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Your First App

We're going to take you through a tutorial to build an entire application that uses Dark's basic functionality. This should take between 10m and 45m, depending on how thorough you are.

If your account was created after March 2020, you can see a completed version of this tutorial at If you'd like to start from scratch, navigate to a fresh canvas (, for example.)

A completed version of this tutorial, is also available at Note that you should not copy/paste this โ€“ we want to teach you to use the Dark editor.


If you'd like some help, come to the Dark Community Slack. Dark engineers answer questions, talk you through issues, and fix bugs, often within minutes. Lots of experienced community members are also around to offer helpful suggestions.

Your Canvas

A Dark canvas is an integrated development environment (IDE), an HTTP client, and a web server. You'll write code in the canvas with all the functionality you expect from an IDE (text editing as well as code completion and debugging). The canvas can compose and send HTTP requests, similar to API query tools such as curl, Postman, or Insomnia. Finally, the canvas is a web application server: The canvas can receive HTTP requests (including webhooks, requests from an ordinary browser, or even another canvas). The Dark IDE runs in your browser at and the Dark server responds to HTTP requests at

API Endpoint

Concepts: Structural elements, blanks, implicit returns, traces.

Here you'll use the IDE to write code (an API endpoint) that responds to a browser HTTP request.

  1. Create a new HTTP endpoint from the omnibox (click anywhere on the screen or hit Cmd-k/Ctrl-k), or from the plus next to HTTP on the sidebar.


  1. Enter the HTTP verb as GET and /math for the route.


  1. You can now write any code in the blank โ€“ this is the return value of the API endpoint that you've just created. To start with, let's just return 4.


  1. Click the handler's menu (โ˜ฐ) in the upper right and select "open in new tab", to see your API endpoint running in production.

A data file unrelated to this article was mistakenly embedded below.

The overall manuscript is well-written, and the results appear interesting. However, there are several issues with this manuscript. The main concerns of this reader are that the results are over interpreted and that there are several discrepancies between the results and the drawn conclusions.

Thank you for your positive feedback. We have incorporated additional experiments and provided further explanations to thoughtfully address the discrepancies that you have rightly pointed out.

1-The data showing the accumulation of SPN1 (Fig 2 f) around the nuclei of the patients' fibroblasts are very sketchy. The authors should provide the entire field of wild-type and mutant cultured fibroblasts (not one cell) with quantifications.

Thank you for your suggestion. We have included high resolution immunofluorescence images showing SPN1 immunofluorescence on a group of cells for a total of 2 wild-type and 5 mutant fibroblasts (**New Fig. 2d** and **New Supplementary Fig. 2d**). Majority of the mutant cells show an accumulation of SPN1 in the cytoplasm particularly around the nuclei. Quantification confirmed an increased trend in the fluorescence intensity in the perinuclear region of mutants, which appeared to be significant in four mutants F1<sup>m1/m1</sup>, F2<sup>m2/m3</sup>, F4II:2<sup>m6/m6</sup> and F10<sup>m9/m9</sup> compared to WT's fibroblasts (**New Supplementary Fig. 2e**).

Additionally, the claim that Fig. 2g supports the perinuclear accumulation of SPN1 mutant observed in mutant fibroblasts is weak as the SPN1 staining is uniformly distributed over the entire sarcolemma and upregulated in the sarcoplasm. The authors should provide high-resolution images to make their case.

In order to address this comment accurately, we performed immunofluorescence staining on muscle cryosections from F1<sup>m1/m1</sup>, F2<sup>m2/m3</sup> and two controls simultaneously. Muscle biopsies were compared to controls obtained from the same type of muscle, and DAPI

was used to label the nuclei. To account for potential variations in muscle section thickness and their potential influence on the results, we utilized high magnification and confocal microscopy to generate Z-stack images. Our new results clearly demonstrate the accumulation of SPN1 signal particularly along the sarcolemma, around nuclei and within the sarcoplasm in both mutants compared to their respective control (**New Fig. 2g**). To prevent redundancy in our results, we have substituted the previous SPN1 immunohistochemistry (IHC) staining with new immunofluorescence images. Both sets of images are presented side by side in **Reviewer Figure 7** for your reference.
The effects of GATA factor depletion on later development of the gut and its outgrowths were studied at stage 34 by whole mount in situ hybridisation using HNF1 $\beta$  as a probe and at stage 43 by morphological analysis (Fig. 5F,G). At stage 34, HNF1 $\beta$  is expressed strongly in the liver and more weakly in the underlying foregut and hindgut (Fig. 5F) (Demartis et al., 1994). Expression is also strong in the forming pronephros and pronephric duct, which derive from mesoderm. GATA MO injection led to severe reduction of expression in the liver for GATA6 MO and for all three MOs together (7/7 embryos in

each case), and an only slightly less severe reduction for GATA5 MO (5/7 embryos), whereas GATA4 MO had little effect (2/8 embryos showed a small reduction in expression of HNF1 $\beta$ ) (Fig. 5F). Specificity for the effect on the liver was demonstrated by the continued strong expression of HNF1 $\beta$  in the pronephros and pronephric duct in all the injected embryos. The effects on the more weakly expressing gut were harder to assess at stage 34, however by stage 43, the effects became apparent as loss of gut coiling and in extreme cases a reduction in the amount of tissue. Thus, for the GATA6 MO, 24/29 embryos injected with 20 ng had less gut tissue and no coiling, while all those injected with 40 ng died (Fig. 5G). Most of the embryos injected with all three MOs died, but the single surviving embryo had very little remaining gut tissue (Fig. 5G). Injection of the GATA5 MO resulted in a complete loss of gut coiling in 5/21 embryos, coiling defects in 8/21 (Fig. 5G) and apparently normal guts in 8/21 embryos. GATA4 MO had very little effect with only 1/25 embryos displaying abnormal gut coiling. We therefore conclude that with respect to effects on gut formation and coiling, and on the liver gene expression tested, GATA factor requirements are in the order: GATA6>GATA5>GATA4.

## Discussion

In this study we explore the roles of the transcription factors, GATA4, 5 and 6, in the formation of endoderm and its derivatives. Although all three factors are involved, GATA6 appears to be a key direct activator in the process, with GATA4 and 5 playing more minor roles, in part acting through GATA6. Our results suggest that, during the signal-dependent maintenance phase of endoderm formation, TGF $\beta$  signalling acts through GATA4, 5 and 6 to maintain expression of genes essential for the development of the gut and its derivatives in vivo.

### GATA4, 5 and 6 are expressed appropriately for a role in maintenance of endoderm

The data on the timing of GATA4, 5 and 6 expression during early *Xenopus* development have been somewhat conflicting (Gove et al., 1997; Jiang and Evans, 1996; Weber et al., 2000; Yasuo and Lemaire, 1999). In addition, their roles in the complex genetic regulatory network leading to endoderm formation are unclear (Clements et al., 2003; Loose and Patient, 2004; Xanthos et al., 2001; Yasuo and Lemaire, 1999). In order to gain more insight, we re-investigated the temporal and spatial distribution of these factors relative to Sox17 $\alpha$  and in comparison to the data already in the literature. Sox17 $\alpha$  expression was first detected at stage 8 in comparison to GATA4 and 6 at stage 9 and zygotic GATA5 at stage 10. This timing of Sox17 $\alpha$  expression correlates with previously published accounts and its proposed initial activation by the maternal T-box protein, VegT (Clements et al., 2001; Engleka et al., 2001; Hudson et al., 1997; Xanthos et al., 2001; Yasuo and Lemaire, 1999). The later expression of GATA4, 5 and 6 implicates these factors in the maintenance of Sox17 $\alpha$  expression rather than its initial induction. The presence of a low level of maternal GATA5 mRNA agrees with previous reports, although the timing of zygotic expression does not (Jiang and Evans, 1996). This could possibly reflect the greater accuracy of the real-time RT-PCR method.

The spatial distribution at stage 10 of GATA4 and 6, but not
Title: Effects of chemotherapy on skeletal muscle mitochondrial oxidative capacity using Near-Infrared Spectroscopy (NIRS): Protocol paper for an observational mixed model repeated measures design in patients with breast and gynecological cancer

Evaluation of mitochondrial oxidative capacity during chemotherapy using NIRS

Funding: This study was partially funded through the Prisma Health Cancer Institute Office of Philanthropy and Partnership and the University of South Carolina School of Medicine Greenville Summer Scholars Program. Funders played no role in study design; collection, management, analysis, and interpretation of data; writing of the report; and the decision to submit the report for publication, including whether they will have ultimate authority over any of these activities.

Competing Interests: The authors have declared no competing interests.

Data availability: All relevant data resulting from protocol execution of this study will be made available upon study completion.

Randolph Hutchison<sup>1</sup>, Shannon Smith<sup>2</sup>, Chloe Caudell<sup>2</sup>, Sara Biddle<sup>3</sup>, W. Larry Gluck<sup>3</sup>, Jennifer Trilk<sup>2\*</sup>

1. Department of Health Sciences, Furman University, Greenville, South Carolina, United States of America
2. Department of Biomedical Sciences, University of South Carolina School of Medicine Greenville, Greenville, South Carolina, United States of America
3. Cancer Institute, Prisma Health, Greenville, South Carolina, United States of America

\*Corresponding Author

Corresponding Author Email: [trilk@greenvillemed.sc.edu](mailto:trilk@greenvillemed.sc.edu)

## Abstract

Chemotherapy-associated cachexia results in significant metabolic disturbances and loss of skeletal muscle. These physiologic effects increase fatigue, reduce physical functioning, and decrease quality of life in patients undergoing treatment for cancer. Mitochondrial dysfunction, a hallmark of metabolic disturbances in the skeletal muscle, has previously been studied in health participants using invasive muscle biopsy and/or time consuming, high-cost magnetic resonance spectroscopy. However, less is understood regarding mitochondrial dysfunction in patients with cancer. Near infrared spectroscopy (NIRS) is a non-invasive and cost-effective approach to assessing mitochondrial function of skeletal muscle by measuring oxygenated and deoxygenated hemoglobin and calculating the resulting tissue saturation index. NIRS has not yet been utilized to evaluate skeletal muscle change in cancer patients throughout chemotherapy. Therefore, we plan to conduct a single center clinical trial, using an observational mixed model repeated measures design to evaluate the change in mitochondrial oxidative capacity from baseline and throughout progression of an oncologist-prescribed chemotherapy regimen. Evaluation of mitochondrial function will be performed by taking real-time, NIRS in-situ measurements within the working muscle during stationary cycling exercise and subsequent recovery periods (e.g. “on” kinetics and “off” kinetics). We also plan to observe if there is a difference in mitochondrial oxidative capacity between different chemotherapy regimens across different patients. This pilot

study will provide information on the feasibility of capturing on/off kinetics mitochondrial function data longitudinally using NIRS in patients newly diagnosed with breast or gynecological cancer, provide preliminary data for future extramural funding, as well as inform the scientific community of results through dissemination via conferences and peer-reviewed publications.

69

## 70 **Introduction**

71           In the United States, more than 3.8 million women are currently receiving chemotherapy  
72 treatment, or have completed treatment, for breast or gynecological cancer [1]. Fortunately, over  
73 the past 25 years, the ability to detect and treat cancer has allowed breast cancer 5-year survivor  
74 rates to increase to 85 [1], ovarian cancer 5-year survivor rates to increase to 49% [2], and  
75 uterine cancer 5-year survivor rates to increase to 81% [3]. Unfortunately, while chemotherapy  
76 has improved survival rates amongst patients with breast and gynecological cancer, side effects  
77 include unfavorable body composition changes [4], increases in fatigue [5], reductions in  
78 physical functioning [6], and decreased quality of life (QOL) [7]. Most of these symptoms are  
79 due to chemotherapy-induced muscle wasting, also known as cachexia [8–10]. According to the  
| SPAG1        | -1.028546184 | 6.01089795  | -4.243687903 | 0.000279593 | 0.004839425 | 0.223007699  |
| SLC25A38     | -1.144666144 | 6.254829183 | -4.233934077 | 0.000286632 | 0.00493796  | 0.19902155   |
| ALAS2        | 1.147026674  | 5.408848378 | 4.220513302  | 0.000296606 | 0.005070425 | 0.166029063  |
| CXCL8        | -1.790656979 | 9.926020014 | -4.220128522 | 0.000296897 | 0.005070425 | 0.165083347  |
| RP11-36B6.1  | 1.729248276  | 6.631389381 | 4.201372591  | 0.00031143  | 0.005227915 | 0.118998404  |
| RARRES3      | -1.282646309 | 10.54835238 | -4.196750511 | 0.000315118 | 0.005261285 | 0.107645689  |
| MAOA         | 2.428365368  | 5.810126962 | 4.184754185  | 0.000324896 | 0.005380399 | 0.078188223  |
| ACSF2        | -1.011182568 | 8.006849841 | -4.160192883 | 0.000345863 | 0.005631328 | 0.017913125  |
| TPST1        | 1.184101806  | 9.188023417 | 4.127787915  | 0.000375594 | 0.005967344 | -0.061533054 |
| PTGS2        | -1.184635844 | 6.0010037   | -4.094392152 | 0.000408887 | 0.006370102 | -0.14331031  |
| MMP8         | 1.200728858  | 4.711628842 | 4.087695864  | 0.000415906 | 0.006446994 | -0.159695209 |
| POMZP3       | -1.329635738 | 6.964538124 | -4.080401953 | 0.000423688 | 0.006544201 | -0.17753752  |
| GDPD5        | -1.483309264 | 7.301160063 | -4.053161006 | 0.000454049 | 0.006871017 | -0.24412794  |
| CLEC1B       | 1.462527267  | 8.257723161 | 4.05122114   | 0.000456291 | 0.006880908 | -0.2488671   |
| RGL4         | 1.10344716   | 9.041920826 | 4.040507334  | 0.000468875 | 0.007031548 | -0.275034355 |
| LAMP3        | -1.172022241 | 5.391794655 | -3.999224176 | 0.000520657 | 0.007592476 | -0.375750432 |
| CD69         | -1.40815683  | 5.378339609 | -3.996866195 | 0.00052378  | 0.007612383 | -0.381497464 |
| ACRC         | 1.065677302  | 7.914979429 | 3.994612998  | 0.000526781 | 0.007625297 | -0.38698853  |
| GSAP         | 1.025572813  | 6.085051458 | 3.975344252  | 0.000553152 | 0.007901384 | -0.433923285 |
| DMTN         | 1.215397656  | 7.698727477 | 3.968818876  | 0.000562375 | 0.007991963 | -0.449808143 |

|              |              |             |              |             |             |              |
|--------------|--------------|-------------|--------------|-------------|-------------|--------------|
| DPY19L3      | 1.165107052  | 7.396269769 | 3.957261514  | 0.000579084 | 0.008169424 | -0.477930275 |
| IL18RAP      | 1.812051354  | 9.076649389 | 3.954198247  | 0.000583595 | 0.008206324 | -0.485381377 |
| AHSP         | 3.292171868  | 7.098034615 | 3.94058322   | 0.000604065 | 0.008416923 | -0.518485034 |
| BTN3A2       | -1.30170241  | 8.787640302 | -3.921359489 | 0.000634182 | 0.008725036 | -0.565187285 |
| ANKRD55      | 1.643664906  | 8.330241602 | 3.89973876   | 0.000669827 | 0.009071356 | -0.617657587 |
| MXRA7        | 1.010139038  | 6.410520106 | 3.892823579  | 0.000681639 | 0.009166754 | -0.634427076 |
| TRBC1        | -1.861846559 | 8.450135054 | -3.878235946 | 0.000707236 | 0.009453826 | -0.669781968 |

1. Go back to Dark to edit your code. Add + 5 to the end of the code and leave your cursor in line.


  • The 9 below the handler shows you the return value for the handler.

  • The 5 on the left shows you the result of the expression where the cursor currently is (in this case, 5). This isn't very useful when it's an integer, but if it's a variable it will show you the result of the variable.


  1. Mouse over the white dots on the left. Each dot is a "trace", representing a single request to your handler. Traces are fundamental to coding in Dark, and we'll come back to them later.

Congratulations! You've shipped your first Dark API endpoint.


Here you'll use the IDE to write code that sends an HTTP request. You'll use the HttpClient library to make an API call from an interactive interpreter (often called a REPL or Read-Eval-Print Loop).

Concepts: REPLs, HttpClient library, Play buttons

REPLs in Dark are general-purpose coding blocks. They're typically used in the way you might write a bash script (reusable tools), use traditional REPLs (experiments and one-off commands), or admin dashboards (simple reporting).

We'll run you through creating your first REPL, experimenting with the HttpClient library to make API calls.

  1. Create a new REPL from the sidebar or the omnibox (Ctrl-K/Cmd-K).

  2. Type "httpclient" in the REPL (lowercase, no spaces)


This will show you all the standard library functions for HttpClient, their signatures, and their docstrings.

  1. Continue typing, until you have "httpclientpost". Dark autocompletes on substrings so getting the exact text isn't important:


  1. Hit enter to add the function into the handler.


Dark automatically creates blanks for the four arguments that HttpClient::post requires (URI, body, query, and headers). We display a gray play button beside the function โ€“ it will turn green when all the arguments are complete, allowing you to run the function from within the editor.

The URI is the destination of our HTTP request (an API endpoint). We could make a request to any web server; for this tutorial, we'll make a request to the canvas we're working in. We haven't yet written the code that will respond to the request; you'll see what happens when the canvas receives a request without a prepared endpoint. The canvas will respond with a 404 "page not found" response.